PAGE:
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Defamation Claim Advances By Former Biomet Argentina Employee Against Zimmer Biomet Holdings

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Foreign Corrupt Practices Act enforcement actions rarely tell the whole story about the facts and circumstances relevant to the underlying action. Thus, it is nice (from the perspective of getting a more complete alleged picture including specific names relevant to an FCPA enforcement action) when civil litigation is filed in connection with an FCPA enforcement action.

Such is the case regarding a recent civil action filed by Alejandro Yeatts, who from 2005 to September 2015 was employed by Biomet Argentina, in which he alleges various tort claims against Zimmer Biomet Holdings. Although the court recently dismissed Yeatts’s intentional infliction of emotional distress and negligent infliction of emotional distress claims, the court denied Zimmer’s motion to dismiss Yeatts’s defamation claim meaning the claim will advance to the next stage in litigation.

This post summarizes Yeatts’s defamation claim and the court’s recent decision (Yeatts v. Zimmer Biomet Holdings, 2017 WL 1375117 (N.D. Ind., Apr. 17, 2017).

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Issues To Consider From The Zimmer Biomet Enforcement Action

Issues

This previous post went in-depth into the $30.4 million Foreign Corrupt Practices Act enforcement action against Zimmer Biomet announced on January 12th.

This post highlights additional issues to consider.

Repeat Offender

Biomet is not the first company to be a repeat FCPA criminal offender, just the latest. Other criminal examples include Aibel Group / Vetco entities and Marubeni (and there several other examples involving SEC civil violations such as Orthofix Int’l recently becoming a repeat FCPA offender). To learn more about these examples, see the article “Measuring the Impact of NPAs and DPAs on FCPA Enforcement.”

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Biomet Becomes An FCPA Repeat Offender

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For many years, the DOJ has advanced the policy position that DPAs and NPAs “have had a truly transformative effect on particular companies and, more generally, on corporate culture across the globe.” (See here for the prior post). Specifically in the Foreign Corrupt Practices Act context, the DOJ has stated that “the companies against which DPAs and NPAs have been brought have often undergone dramatic changes.”  (See here for the prior post).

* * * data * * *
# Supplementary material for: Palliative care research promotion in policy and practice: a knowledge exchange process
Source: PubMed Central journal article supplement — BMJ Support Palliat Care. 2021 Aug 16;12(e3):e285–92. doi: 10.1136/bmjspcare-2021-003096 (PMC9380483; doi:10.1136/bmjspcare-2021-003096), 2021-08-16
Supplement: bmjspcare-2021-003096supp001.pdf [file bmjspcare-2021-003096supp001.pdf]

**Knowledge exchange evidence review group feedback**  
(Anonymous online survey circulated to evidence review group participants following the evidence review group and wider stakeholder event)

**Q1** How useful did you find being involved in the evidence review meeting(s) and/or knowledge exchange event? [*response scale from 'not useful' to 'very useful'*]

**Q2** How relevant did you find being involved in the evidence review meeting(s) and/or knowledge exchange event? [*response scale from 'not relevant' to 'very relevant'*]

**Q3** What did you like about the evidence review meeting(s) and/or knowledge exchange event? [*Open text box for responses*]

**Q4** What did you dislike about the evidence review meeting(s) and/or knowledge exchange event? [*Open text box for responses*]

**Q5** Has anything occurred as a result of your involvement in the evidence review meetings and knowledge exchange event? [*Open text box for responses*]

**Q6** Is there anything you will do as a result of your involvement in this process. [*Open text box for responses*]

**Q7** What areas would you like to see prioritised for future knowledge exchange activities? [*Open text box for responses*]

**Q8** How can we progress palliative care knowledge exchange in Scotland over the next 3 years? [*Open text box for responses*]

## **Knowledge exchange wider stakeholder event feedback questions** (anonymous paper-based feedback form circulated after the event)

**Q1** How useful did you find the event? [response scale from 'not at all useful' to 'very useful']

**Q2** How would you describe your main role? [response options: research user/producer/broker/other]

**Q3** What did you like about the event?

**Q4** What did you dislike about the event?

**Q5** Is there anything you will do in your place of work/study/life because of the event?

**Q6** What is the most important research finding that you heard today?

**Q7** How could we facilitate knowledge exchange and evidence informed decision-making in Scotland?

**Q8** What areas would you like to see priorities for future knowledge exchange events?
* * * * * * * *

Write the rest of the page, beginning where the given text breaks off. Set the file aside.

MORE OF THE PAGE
As highlighted here, in March 2012 Biomet resolved an FCPA enforcement action involving alleged conduct in Brazil, Argentina, and China by agreeing to pay approximately $22.8 million ($17.3 million via a DOJ deferred prosecution agreement, and $5.5 million via a settled SEC civil complaint).

Since then, FCPA Professor has chronicled (herehere and here) how Biomet’s DPA was extended, how the DOJ ultimately came to conclude that Biomet had breached its DPA based on subsequent improper conduct, and how an additional FCPA enforcement was expected.

Last week, the DOJ and SEC announced (here and here) the additional FCPA enforcement action against Zimmer Biomet Holdings (in 2015 Zimmer Holdings acquired Biomet) and Biomet. As highlighted below, a portion of the improper conduct involved the same distributor in Brazil that gave rise to the 2012 FCPA enforcement action.

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In Times Like These, We Need To Ask: Is The FCPA Effective?

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In passing the Foreign Corrupt Practices Act, Congress anticipated that the “criminalization of foreign corporate bribery will to a significant extent act as a self-enforcing preventative mechanism.” Likewise since the FCPA’s earliest days, the DOJ has recognized that the “most efficient means of implementing the FCPA is voluntary compliance by the American business community.”

In short, the FCPA was never intended to be just a mechanism to achieve “hard enforcement” (actual enforcement actions), but more a mechanism to achieve “soft enforcement” (compliance) in furtherance of the statutory objective of  reducing bribery and corruption. Indeed, as stated by the Sixth Circuit in Lamb v. Phillip Morris Inc., 915 F.2d 1024 (1990) and repeated by several other courts, the FCPA’s statutory scheme “clearly evinces a preference for compliance in lieu of prosecution.”

Yet, as the FCPA nears its 40th anniversary those in this space need to start asking the question of whether the FCPA – as currently written and currently enforced – has been effective?

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A Reminder That The FCPA Has Long Tentacles

The FCPA has long tentacles as FCPA scrutiny and enforcement can impact a wide range of business activities.

Such as merger and acquisition activity.